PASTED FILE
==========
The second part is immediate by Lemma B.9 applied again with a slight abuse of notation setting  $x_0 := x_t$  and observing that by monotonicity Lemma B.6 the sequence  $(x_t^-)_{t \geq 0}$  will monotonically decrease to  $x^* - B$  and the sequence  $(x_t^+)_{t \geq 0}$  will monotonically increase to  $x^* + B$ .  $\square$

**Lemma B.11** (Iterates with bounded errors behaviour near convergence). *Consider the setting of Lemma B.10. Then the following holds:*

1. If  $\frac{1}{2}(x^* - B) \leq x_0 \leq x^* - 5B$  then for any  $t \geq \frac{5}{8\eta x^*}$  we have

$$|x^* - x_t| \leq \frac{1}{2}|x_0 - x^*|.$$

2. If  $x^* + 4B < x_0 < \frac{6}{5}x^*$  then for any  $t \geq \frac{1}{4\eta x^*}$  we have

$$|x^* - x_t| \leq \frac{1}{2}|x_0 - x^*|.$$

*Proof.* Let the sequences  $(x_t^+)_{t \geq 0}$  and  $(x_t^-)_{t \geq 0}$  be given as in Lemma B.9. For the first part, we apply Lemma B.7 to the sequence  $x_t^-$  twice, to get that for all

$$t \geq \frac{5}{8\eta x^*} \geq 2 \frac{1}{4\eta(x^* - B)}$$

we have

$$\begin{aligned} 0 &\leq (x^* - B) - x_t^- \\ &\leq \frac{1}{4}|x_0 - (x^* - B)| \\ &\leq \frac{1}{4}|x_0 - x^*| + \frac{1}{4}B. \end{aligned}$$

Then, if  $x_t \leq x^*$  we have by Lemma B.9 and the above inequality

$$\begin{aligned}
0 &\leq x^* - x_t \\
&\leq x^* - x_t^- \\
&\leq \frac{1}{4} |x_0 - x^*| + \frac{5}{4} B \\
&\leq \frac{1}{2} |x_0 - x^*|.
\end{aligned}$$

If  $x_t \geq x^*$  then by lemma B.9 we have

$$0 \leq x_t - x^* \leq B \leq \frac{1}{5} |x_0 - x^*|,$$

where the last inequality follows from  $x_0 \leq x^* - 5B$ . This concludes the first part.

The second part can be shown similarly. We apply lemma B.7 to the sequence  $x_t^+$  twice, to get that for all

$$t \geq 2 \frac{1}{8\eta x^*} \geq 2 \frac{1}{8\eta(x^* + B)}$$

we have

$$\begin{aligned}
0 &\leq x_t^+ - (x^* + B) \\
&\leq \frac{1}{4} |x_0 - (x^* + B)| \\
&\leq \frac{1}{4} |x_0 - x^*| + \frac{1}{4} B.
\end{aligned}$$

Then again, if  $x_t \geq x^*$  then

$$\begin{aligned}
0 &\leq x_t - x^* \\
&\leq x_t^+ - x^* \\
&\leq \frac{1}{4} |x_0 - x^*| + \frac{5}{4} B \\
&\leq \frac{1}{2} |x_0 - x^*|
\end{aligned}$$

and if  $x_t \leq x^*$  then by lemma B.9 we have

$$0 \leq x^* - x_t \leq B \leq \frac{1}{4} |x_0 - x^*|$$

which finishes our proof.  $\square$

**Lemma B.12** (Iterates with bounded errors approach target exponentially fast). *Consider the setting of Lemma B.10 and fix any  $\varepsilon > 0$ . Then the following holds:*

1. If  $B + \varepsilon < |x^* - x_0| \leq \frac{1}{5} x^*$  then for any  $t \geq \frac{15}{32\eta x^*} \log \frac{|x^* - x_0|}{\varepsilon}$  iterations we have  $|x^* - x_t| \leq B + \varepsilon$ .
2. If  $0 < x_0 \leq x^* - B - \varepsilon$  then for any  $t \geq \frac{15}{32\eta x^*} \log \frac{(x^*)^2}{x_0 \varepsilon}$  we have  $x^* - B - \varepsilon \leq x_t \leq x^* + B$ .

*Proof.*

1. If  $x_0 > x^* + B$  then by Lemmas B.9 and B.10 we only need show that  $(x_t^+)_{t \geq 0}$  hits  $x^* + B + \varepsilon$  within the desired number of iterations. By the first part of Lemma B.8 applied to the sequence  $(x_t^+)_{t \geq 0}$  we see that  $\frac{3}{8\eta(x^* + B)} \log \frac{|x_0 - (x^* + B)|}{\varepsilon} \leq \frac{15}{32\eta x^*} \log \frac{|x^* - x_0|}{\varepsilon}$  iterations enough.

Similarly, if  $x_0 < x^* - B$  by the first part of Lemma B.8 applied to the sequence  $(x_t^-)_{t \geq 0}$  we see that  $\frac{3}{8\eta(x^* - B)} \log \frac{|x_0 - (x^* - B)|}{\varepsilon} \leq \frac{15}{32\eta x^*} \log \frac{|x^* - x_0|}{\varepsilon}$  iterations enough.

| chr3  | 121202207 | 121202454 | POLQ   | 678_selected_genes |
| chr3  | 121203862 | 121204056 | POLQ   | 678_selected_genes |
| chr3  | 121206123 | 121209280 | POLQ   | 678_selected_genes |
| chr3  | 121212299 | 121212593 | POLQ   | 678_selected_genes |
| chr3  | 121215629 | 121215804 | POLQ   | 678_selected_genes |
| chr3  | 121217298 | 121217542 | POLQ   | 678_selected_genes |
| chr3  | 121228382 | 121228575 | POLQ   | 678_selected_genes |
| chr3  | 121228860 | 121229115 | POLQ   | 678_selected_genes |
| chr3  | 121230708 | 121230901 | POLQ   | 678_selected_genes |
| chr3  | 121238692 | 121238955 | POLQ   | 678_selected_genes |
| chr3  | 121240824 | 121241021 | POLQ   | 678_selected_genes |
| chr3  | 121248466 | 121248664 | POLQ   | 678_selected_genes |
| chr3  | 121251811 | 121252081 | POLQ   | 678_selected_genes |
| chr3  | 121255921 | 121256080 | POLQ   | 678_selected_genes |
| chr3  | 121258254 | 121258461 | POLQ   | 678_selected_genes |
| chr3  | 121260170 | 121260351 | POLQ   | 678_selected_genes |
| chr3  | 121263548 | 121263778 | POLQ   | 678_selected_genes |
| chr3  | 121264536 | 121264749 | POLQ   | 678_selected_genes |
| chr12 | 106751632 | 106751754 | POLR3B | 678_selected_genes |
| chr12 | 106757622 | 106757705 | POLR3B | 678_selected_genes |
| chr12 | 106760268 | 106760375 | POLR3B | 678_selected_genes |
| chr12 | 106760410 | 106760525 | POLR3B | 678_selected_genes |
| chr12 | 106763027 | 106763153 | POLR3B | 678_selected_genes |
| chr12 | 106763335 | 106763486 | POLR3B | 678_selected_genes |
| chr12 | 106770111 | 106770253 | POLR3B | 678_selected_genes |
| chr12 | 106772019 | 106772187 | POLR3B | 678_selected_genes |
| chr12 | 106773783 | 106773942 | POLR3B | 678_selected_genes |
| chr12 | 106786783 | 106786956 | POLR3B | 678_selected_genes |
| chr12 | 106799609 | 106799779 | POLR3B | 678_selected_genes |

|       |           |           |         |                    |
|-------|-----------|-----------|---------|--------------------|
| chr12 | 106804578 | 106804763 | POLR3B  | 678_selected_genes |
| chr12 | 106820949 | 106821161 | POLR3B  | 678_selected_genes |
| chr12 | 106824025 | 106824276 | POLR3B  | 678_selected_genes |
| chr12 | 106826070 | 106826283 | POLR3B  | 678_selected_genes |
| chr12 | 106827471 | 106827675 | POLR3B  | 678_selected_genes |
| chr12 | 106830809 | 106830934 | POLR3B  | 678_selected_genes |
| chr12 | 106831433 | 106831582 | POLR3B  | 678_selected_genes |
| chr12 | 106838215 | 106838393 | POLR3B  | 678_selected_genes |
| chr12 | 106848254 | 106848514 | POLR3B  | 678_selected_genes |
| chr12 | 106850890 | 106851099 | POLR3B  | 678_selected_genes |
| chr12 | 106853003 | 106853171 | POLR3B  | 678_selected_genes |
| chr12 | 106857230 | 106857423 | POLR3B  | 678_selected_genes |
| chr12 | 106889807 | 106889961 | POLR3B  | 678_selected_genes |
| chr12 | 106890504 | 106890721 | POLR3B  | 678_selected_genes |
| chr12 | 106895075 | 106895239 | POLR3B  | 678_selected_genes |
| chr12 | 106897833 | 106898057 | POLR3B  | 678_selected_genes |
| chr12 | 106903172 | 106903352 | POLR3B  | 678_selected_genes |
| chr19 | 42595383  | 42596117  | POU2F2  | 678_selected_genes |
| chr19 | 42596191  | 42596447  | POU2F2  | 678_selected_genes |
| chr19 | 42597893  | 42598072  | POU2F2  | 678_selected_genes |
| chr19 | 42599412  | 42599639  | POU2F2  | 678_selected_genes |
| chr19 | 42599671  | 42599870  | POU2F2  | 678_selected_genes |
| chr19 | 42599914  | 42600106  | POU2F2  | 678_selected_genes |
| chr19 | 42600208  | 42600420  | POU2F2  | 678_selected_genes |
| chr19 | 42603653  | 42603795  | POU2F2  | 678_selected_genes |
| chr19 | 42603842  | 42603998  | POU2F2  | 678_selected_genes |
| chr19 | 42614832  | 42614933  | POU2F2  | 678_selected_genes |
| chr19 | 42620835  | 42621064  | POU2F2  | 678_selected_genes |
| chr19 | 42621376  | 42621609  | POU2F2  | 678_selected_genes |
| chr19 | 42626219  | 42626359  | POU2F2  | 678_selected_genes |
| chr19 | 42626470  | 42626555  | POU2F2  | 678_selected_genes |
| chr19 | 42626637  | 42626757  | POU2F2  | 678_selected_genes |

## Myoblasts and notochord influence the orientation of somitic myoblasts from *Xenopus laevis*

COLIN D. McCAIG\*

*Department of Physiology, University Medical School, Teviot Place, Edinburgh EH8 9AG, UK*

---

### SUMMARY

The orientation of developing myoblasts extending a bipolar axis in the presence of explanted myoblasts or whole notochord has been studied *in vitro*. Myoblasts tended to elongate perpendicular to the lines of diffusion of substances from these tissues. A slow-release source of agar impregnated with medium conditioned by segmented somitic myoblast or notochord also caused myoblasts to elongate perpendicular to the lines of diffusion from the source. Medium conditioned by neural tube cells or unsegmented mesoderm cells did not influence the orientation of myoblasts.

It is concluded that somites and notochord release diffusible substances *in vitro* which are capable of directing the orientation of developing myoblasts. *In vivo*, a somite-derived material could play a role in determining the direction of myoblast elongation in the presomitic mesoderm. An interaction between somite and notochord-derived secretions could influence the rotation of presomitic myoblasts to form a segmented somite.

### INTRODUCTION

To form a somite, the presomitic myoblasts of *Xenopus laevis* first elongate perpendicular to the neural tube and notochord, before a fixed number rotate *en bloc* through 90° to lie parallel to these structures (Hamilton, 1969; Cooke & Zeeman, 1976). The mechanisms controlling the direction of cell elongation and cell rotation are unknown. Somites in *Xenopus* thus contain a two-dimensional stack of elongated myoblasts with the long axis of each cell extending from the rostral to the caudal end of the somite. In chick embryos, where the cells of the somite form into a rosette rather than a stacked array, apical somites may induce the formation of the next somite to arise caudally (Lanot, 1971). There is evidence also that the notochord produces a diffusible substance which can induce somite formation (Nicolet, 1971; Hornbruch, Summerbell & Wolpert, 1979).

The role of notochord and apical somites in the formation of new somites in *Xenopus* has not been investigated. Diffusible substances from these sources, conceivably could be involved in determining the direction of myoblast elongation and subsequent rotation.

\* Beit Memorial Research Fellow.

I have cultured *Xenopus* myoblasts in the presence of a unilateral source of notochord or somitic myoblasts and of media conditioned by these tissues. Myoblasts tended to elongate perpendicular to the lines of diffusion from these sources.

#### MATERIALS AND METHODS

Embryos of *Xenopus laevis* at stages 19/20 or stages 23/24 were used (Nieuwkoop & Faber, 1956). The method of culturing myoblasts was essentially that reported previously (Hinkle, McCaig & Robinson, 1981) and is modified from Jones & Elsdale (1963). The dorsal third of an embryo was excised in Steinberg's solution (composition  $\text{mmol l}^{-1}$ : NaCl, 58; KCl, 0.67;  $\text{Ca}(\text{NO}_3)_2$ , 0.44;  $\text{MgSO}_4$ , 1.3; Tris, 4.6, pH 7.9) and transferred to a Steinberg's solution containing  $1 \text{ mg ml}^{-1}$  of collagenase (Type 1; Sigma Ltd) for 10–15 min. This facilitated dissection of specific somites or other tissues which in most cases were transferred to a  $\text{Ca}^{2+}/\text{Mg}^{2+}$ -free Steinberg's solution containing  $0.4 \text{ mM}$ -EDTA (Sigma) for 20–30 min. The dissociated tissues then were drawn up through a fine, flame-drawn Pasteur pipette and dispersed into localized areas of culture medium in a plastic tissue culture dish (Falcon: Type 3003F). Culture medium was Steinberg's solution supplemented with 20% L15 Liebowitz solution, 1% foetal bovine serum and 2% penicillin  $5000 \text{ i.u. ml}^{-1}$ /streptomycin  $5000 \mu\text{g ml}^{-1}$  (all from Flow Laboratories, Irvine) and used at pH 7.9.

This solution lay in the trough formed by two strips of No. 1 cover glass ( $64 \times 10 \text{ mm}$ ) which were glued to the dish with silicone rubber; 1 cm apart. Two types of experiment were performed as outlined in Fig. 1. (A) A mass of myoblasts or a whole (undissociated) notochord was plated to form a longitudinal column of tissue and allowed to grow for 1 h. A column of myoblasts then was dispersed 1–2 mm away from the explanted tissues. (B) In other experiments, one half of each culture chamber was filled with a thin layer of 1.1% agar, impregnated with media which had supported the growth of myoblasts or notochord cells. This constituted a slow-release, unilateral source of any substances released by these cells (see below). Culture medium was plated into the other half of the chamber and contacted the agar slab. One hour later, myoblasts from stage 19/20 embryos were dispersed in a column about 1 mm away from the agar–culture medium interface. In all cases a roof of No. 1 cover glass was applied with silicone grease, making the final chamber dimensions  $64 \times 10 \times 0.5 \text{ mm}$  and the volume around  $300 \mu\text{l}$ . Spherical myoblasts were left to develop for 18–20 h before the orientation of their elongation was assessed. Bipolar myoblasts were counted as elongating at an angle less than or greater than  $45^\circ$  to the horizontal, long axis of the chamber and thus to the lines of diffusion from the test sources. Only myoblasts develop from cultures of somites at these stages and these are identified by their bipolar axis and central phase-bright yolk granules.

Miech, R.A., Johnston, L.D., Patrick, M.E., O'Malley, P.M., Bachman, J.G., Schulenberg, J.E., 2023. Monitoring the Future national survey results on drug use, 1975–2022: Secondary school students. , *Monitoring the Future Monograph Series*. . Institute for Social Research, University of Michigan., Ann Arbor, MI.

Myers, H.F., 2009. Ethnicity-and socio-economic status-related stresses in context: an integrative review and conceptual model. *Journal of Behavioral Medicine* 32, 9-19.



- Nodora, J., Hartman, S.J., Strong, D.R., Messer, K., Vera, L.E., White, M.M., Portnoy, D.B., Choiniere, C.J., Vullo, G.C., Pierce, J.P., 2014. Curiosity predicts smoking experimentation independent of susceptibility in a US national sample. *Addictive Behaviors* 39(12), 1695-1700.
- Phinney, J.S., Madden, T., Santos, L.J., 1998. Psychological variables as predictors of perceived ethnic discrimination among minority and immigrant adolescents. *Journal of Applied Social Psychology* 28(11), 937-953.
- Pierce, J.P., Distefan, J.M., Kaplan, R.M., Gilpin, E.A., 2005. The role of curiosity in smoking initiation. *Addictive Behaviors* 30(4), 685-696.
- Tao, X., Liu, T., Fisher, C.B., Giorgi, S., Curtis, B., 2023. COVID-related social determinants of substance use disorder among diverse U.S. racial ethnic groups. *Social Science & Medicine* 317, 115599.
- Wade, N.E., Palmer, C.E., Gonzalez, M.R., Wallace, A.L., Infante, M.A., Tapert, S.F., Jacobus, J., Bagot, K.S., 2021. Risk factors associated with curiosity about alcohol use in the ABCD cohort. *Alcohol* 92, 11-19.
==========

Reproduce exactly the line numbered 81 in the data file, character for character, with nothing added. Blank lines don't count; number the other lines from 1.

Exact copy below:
| chr12 | 106830809 | 106830934 | POLR3B  | 678_selected_genes |